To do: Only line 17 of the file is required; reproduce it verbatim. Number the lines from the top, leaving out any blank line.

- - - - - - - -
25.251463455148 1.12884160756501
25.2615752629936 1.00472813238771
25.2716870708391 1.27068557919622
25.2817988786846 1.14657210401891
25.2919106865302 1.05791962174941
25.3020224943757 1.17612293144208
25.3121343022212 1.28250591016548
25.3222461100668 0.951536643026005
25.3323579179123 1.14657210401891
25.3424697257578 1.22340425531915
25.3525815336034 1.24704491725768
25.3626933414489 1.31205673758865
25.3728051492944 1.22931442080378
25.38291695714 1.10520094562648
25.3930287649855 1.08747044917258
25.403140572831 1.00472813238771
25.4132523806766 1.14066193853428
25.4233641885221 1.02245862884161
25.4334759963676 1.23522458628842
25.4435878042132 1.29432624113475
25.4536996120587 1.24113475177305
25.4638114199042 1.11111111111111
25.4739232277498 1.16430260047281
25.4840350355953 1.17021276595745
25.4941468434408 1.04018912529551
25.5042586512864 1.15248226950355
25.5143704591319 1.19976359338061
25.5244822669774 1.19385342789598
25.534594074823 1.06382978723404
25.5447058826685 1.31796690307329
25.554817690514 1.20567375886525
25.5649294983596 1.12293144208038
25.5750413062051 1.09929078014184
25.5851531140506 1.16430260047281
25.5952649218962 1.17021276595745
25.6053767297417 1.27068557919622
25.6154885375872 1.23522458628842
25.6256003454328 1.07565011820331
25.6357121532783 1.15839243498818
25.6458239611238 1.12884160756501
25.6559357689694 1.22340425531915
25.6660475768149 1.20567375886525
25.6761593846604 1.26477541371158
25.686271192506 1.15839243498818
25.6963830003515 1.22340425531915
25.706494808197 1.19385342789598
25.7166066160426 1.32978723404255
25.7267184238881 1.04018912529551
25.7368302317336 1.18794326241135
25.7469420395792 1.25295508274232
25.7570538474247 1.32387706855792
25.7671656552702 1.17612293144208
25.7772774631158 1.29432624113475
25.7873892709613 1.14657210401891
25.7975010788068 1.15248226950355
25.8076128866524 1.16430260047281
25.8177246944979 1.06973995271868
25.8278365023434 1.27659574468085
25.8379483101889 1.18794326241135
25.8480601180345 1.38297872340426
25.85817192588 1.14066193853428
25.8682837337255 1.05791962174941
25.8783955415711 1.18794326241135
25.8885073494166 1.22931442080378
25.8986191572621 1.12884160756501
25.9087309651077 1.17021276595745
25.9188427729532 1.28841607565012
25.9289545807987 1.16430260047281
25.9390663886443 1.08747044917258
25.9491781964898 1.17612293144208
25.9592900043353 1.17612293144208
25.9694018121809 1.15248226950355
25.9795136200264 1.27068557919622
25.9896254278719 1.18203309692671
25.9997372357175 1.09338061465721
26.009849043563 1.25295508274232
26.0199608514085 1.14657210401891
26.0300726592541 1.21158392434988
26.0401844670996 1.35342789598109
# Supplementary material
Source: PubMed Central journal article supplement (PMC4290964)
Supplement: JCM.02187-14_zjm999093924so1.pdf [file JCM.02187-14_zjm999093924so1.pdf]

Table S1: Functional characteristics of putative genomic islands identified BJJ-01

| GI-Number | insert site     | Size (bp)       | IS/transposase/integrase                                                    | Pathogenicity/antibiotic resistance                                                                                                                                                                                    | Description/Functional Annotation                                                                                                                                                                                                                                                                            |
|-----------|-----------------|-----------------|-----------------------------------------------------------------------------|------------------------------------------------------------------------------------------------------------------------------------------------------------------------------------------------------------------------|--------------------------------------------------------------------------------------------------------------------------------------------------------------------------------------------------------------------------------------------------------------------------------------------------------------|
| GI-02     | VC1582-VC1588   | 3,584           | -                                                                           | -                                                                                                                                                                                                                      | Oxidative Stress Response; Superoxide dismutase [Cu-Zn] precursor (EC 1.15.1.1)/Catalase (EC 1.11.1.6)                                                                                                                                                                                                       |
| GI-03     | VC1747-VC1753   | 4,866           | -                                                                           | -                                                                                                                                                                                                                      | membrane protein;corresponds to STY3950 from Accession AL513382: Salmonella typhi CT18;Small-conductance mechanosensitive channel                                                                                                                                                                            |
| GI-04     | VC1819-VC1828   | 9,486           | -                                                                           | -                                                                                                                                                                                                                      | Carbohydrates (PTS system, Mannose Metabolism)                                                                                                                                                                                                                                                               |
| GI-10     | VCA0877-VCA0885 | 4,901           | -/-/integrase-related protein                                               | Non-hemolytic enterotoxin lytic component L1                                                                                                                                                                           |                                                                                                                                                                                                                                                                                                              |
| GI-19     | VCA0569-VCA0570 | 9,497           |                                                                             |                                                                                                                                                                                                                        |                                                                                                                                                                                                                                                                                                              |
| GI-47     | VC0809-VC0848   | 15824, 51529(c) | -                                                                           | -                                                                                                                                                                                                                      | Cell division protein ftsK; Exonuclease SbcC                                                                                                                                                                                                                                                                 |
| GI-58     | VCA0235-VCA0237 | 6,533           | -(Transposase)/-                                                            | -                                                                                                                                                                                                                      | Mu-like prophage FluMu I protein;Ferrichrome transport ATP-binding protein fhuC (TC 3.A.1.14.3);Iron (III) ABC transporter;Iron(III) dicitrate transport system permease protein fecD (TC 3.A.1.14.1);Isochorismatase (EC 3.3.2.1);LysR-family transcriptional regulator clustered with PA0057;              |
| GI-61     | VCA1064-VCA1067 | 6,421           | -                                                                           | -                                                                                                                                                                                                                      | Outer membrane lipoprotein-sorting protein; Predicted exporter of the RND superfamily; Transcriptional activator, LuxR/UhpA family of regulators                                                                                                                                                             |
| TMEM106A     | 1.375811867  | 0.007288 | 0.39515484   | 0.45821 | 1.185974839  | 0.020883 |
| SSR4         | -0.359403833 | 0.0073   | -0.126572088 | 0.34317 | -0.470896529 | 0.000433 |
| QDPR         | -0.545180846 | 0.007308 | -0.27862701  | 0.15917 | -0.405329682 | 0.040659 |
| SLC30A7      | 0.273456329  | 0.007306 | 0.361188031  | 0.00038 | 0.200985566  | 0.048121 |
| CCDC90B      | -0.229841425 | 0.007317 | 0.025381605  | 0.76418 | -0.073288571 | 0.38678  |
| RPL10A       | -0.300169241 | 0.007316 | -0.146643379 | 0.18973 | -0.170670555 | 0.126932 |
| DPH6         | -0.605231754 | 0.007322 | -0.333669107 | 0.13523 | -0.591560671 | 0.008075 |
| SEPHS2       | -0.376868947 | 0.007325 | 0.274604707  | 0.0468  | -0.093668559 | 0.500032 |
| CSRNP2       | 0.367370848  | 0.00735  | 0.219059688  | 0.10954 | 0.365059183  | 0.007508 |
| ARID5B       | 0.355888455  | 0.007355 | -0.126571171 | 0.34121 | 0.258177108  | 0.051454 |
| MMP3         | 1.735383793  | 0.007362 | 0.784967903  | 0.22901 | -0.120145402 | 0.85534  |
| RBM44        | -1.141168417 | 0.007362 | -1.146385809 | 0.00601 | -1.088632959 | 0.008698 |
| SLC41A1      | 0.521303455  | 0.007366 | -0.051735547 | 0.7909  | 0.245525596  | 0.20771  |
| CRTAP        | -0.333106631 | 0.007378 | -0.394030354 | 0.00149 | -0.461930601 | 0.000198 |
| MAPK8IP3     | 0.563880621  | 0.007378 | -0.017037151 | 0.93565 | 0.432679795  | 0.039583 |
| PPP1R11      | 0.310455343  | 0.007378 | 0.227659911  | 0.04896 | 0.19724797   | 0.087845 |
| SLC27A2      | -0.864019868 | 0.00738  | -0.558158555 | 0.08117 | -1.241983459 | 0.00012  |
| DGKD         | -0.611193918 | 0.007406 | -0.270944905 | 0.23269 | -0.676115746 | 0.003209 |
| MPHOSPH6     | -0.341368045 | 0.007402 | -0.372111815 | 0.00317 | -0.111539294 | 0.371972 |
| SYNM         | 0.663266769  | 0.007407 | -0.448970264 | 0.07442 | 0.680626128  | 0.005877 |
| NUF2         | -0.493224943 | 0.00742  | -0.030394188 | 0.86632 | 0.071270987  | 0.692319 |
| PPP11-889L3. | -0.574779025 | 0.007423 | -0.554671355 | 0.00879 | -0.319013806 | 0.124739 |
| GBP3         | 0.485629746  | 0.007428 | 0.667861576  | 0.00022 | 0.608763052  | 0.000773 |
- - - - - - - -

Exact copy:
25.4132523806766 1.14066193853428